A common way that Adjusters will try to convince you that getting bids is a wise choice is to sell you on the idea that his or her Scope of Work is accurate and cannot be deviated from. In our experience, an accurate scope of work from an Adjuster is akin to finding a family of Unicorns in your back yard. It simply doesn't exist. If you buy into your insurance company's 3-Bid game and follow that road, you will run into another complex problem which puts you into an even more difficult position. Here is an example:

  • Your insurance adjuster presents you with an Adjuster Summary/Scope of Work showing 13 line items for a total of $11,200 in repair costs according to Xactimate (the industry-standard 3rd party estimating software).
  • Contractor 'A' looks at your property and finds 34 line items for a total of $26, 400 in repair costs according to Xactimate.
  • Contractor 'B' looks at your property and finds 8 line items and using his own pricing, comes up with $9,800 in repair costs.
  • Contractor 'C' looks at your property and finds 81 line items for a total of $52,600 in repair costs according to Xactimate.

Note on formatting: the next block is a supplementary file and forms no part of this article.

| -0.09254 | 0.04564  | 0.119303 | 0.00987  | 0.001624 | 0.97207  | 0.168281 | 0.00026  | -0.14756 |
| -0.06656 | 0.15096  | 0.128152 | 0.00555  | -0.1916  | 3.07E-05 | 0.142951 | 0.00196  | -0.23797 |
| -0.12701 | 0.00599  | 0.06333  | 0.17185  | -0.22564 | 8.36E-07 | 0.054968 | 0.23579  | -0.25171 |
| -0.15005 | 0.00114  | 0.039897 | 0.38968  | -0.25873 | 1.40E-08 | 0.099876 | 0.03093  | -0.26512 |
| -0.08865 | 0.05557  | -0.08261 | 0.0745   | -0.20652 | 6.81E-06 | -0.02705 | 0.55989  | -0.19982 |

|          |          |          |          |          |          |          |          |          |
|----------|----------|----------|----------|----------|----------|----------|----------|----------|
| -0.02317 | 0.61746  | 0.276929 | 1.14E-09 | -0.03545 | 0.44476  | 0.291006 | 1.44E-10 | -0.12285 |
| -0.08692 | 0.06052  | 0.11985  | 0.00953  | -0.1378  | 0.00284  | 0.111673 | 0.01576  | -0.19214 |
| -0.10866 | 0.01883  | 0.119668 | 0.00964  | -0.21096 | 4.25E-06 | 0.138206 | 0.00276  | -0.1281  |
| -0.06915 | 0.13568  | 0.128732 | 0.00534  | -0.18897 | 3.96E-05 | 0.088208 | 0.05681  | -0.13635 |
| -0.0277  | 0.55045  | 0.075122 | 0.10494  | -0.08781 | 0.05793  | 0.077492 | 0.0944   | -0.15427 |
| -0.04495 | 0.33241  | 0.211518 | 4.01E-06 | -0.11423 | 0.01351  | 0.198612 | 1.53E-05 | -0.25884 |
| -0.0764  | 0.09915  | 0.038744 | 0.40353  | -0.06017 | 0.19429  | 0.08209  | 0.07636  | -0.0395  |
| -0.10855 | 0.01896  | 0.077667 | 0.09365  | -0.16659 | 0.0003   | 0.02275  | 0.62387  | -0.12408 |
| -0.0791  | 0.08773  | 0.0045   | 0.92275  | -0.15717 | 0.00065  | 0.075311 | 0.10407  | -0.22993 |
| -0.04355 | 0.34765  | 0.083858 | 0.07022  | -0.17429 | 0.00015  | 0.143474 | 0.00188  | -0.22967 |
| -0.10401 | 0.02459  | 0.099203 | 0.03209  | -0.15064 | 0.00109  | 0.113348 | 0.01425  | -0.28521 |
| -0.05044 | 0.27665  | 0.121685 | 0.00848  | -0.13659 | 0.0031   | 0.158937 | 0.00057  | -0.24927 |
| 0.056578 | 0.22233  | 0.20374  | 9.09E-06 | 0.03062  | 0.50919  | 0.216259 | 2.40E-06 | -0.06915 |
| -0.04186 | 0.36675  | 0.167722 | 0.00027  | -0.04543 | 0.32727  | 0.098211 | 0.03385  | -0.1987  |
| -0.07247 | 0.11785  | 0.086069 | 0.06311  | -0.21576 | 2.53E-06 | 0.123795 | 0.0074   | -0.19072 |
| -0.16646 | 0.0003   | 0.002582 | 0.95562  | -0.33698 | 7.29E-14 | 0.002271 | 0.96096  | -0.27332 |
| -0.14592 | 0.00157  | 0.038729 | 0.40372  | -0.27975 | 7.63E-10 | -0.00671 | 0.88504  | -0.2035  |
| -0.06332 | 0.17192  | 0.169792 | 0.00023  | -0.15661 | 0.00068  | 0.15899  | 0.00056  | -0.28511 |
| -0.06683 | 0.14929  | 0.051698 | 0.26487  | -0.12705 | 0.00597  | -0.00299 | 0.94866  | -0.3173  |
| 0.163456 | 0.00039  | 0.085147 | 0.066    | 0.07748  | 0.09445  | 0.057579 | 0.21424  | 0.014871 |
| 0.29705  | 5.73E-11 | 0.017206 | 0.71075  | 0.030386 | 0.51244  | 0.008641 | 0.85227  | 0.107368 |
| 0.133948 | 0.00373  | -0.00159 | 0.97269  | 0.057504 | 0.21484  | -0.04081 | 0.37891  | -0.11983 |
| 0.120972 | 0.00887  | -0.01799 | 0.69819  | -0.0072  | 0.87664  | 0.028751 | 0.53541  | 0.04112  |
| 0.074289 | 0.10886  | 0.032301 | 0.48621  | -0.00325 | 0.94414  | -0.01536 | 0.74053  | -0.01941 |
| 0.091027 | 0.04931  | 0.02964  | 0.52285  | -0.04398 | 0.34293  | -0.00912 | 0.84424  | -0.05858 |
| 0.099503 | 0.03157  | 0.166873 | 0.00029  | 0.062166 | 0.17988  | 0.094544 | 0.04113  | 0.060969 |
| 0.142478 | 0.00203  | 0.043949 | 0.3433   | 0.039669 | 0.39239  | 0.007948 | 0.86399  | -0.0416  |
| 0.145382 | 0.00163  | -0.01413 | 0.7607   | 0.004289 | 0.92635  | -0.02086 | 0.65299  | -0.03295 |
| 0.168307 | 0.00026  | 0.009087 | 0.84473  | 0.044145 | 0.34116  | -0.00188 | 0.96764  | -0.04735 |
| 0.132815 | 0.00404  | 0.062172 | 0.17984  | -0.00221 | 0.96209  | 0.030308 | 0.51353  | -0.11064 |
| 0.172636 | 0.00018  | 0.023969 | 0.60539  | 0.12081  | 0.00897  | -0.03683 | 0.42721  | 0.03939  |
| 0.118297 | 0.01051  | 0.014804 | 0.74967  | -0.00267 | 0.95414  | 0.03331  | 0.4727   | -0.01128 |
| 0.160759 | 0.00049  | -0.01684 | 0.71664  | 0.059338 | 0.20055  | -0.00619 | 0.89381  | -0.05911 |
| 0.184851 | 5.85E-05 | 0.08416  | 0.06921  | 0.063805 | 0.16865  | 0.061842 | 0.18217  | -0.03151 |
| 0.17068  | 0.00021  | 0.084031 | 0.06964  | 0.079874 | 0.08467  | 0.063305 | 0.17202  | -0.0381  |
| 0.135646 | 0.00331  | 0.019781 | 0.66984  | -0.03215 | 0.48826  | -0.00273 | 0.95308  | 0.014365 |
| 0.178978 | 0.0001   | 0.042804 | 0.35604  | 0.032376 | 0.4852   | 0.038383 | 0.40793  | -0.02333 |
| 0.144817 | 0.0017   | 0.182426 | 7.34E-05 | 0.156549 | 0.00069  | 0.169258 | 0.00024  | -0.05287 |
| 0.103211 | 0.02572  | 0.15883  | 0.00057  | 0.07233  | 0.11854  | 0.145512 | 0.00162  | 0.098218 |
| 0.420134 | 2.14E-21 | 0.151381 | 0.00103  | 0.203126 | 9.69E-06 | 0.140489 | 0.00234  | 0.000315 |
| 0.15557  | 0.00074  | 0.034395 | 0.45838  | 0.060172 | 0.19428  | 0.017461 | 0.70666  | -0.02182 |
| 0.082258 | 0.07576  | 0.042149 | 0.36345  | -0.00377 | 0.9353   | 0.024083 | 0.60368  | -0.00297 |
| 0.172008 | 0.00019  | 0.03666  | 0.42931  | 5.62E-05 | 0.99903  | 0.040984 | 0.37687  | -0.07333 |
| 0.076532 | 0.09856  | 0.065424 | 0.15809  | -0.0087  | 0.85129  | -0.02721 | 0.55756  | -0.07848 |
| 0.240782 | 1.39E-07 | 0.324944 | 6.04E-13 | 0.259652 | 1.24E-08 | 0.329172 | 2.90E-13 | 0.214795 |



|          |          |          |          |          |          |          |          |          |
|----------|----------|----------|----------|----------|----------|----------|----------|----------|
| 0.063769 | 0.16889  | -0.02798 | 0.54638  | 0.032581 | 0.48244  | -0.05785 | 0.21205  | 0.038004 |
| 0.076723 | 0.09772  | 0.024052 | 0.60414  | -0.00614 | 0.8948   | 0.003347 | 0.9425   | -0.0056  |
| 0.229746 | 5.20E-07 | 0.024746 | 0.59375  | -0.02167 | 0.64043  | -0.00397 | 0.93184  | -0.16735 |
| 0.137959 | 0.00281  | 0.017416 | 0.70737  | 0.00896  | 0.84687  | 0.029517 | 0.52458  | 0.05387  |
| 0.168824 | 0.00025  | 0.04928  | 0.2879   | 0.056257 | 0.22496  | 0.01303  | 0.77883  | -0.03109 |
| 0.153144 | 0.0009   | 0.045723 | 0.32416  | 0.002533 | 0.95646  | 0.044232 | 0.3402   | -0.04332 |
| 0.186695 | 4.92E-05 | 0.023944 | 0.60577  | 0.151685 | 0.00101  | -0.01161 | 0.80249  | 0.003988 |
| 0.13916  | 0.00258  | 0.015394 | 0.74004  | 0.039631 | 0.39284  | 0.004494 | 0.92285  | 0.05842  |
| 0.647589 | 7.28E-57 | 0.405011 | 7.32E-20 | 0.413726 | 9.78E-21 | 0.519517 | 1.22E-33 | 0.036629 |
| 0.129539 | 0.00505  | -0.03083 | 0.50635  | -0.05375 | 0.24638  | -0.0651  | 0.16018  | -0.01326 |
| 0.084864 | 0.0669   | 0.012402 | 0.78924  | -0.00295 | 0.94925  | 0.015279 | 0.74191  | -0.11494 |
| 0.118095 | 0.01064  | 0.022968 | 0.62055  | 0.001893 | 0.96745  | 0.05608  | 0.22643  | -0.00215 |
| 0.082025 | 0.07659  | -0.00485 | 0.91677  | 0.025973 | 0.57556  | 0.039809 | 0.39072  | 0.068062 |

Who is right? This scenario plays out OVER and OVER in the restoration industry. The insurance companies do everything they can to convince you that Contractor 'B' is the best choice because the Adjuster's scope of work is the bench mark for moving forward. Think about this now... How could it be that an Adjuster would have a better understanding of the detail and processes involved with repairing your damaged property than a restoration contractor would? The simple answer is that they don't. Adjusters take a short self-study or classroom course to learn what they know about construction. If your contractor disagrees with an Adjuster, there will often be compromise but increasingly, Adjuster's are instructed to pass the buck to an engineer if they are dealing with a knowledgeable contractor. (Insurance companies keep a short list of engineers to call upon for back-up.) The engineer comes out, looks specifically at one component of the Loss (for instance your roof) and writes a rather arbitrary opinion that the insurance company then uses to justify shutting down the claims process. The first time this writer documented that backfiring was in 2000 when a letter was fired off to the "independent engineer" that the insurance company had hired demanding that he release his income records to show who his clients were for the past three years. Oddly enough, his clients were all insurance companies. The insurance company quickly settled our claim rather than allow the issue to be publicized. Engineers have expertise when it comes to calculations and rely on concrete data and mathematical equations to reach conclusions. In truth, most property loss claims are much too complex and require too much construction expertise for an engineer to apply a formula to. Contractors tend to keep it simple: If the gouges and dents in the property do not have tool marks, assume that it was caused by hailstones (like the client said) and someone should be paying to fix it.